If the Hyperloop becomes a reality within the next few decades, it will be the single most fundamental change to mass transportation since the commercial airliner. By integrating Hyperloop stations in urban areas to connect metropolitan hubs, we can further increase human mobility and opportunity by connecting economic and cultural centers. People would be able to live hundreds of miles away from where they work, greatly easing the stress being put on our urban infrastructure due to mass urbanization. The challenges to overcome are large, but the promises are even larger, and I remain hopeful that we will see a breakthrough in Hyperloop feasibility in the near future.
Why these projects are so far off, and why they could not be…
Like I’ve said throughout this article: none of these technologies are going to drastically change our lives in the next 10 years. For all we know, many of them may never see widespread implementation, or any implementation at all. However, the sheer magnitude of the projected improvements in efficiency, mobility, and opportunity for the human race that is proposed with the implementation of these transportation infrastructures mean that they’re worth working on.
In terms of how this can be accomplished, it truly is anyone’s guess. However, investing money into transportation and space travel means investing money into innovation as a whole, and we can’t possibly predict what amazing discoveries both inside and outside of the transportation sector we can make by increasing and sustaining funding for research in revolutionary automotive, aerospace, and aeronautical technologies such as these.
So at the end of the day, if you want to change the world of transportation today, work on building Maglev trains to connect your country’s key cities. However, if you would like to lead a more uncertain path — a path that not only doesn’t guarantee success but will also be widely criticized as “insane” or “a waste of time and energy” — but a path in which the potential breakthrough is just too enticing to refuse, then you have plenty to be excited about.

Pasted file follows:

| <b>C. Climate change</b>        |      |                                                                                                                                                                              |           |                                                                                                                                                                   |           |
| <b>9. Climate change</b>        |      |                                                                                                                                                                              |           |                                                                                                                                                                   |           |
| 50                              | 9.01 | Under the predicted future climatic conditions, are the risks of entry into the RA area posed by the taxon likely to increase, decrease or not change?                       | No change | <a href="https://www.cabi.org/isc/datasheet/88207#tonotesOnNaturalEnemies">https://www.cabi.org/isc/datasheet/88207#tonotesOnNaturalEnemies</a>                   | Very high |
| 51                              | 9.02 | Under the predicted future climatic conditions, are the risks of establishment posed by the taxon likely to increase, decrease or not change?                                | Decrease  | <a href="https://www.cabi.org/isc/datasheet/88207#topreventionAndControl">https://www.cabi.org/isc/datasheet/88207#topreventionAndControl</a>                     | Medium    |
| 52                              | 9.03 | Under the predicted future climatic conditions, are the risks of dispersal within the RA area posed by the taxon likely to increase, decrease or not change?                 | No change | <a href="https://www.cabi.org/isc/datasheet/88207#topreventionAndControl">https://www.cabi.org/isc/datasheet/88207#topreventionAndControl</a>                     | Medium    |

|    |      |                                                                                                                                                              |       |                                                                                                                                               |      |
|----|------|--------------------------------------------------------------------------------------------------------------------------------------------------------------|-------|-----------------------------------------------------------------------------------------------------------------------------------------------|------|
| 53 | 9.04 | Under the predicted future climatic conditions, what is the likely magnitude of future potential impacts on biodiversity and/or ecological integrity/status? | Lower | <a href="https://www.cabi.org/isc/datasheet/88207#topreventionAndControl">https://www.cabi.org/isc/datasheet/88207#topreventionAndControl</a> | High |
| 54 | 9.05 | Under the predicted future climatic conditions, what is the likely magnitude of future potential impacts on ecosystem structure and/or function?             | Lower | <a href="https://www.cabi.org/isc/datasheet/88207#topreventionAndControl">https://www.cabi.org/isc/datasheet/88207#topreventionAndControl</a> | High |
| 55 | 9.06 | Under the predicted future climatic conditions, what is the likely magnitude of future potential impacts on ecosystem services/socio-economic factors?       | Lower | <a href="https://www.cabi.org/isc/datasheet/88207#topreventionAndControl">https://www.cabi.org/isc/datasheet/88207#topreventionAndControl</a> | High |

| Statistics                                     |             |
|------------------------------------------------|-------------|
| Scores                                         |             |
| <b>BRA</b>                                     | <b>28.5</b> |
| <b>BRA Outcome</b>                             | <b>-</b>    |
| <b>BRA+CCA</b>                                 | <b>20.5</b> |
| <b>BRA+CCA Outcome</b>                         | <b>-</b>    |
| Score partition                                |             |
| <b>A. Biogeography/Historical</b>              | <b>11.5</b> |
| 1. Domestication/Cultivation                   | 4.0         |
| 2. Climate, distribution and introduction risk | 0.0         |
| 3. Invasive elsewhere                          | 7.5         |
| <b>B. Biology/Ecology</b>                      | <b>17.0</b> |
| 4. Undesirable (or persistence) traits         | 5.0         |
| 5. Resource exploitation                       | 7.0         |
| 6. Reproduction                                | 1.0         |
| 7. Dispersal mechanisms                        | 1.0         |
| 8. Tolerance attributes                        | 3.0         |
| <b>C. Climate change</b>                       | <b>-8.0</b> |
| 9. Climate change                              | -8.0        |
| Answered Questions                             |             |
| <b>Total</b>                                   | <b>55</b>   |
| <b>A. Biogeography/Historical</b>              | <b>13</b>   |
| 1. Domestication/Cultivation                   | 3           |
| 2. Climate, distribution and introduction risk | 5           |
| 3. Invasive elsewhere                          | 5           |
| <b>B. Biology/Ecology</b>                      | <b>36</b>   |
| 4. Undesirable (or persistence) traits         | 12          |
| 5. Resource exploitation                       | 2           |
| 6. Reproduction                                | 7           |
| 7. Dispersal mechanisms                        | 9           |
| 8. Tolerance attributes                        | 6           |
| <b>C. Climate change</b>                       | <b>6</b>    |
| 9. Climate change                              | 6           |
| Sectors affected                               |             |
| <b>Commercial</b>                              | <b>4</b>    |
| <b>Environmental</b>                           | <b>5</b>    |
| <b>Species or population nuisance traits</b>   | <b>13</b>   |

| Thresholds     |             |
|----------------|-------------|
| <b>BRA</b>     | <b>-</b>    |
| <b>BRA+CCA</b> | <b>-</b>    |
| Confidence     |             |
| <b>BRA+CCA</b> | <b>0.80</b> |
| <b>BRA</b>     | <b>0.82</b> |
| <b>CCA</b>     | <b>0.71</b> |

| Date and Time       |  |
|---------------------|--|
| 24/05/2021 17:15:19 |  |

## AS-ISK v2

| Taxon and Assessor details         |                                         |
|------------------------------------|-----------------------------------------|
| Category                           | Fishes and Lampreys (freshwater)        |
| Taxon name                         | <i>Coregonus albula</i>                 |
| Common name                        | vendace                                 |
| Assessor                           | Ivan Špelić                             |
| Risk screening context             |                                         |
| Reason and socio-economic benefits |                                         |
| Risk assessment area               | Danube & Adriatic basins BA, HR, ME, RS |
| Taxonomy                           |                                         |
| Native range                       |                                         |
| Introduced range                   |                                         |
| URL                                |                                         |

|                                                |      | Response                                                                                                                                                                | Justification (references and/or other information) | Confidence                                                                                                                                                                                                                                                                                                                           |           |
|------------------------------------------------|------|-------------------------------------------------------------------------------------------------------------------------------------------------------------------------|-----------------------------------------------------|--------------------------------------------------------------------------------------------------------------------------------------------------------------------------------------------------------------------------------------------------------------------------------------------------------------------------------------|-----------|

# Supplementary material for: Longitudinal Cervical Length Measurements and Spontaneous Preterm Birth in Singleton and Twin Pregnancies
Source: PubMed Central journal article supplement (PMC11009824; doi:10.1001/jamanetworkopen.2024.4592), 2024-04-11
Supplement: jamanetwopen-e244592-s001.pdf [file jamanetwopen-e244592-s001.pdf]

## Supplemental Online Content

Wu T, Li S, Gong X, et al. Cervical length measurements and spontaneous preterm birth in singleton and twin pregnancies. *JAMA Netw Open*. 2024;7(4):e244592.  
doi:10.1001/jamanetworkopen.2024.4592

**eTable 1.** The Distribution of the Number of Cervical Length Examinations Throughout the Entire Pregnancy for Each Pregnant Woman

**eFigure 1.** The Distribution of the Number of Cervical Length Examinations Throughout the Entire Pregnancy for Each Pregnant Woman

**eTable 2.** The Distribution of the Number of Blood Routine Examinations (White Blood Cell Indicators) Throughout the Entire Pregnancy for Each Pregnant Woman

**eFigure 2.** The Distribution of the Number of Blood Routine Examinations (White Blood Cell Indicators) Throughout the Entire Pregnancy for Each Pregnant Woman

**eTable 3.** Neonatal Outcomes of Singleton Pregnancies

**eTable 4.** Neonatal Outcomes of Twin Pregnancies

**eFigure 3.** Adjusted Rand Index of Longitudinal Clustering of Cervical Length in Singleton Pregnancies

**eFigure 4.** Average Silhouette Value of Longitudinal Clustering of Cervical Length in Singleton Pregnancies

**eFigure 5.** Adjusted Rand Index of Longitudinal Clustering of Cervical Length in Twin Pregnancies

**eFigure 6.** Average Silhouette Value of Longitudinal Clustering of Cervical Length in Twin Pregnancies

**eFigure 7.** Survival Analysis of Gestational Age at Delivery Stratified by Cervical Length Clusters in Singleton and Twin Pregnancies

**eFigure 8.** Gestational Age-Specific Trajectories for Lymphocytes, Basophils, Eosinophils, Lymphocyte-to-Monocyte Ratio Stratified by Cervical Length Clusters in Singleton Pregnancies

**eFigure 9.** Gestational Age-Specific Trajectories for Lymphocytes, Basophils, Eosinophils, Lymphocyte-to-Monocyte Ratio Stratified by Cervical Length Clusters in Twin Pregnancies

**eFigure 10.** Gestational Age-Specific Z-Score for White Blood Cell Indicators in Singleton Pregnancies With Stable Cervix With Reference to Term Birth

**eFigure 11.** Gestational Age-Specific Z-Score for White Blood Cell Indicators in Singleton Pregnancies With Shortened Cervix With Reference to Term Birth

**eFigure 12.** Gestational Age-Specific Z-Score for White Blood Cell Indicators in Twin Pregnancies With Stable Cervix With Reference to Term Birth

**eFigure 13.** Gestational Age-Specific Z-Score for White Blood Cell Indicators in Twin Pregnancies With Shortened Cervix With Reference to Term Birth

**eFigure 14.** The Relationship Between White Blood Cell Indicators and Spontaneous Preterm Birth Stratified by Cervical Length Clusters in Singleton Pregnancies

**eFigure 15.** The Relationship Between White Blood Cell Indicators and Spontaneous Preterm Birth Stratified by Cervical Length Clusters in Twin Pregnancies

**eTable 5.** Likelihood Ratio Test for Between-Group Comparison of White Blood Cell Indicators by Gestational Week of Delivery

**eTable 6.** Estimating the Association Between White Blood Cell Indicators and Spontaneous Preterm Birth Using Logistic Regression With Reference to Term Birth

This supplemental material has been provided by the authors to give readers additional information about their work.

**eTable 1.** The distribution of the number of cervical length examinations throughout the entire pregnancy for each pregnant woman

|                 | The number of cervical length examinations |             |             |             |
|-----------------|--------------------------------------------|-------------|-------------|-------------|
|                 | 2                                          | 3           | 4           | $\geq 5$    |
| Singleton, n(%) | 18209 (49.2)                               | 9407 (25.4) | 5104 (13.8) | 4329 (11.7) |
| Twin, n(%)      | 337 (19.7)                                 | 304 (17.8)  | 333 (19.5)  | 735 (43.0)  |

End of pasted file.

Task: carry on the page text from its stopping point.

I believe that it is important that we have passionate people working on both of these movements, and I leave it up to any who are interested to keep reading, keep reaching out, and keep discovering exciting applications of transportation that make you excited about our future.
- While our transportation methods are being improved every single day, truly revolutionary systems will take decades to develop and implement.
- Many innovative transportation proposals adopt disruptive emerging tech (EVTOL, AI, Smart Cities, Magnetic Levitation) to accomplish uniquely excellent propulsion, management, and safety techniques.
- Outside of the obvious benefit of traveling faster and more sustainably, improving transportation infrastructure on these levels of magnitude will reduce accidental deaths, relieve the stress on our urban infrastructure, disrupt harmful environmental policies within our current transportation sector, and improve quality-of-life for billions of people.
- Air taxis utilize EVTOL technology to transport people on short-medium range trips across urban environments. They are basically large drones that could potentially navigate autonomously.
- Connected cars and smart traffic infrastructure utilizes artificial intelligence and internet-of-things technology to allow for a universal network for dynamic communication between vehicles, pedestrians, and infrastructure to provide safer and efficient commutes.
- Hyperloop technology uses properties of magnetic levitation and propulsion within a frictionless environment to produce extremely high speeds at low energy costs.
- While many critics of these emerging techs will point to current improvements that are constructible today, it is important to invest in both elements of progress as we hope to expand opportunity and improve the lives of humans both today and tomorrow.
- Lilium’s Website for info about air taxis
- Volocopter’s Website for urban air mobility
- Why Don’t We Have Flying Cars Yet?
- Cellular Communication for Connected Traffic Infrastructure
- Intelligent Transport Systems: US Department of Transportation
- What’s Driving the Connected Car? Data, It Turns Out
- What’s Happening (And Not Happening) With Hyperloop
I hope you enjoyed reading my article. If could take the time, I would love for you to share this with any of your friends, family, or colleagues. If you would like to see more from me in the future, feel free to follow my page and get notified for when my next article is released. Constructive feedback is always appreciated. Also, please don’t forget to leave a clap 👏 and have a great day! 💜
- Timothy Simmons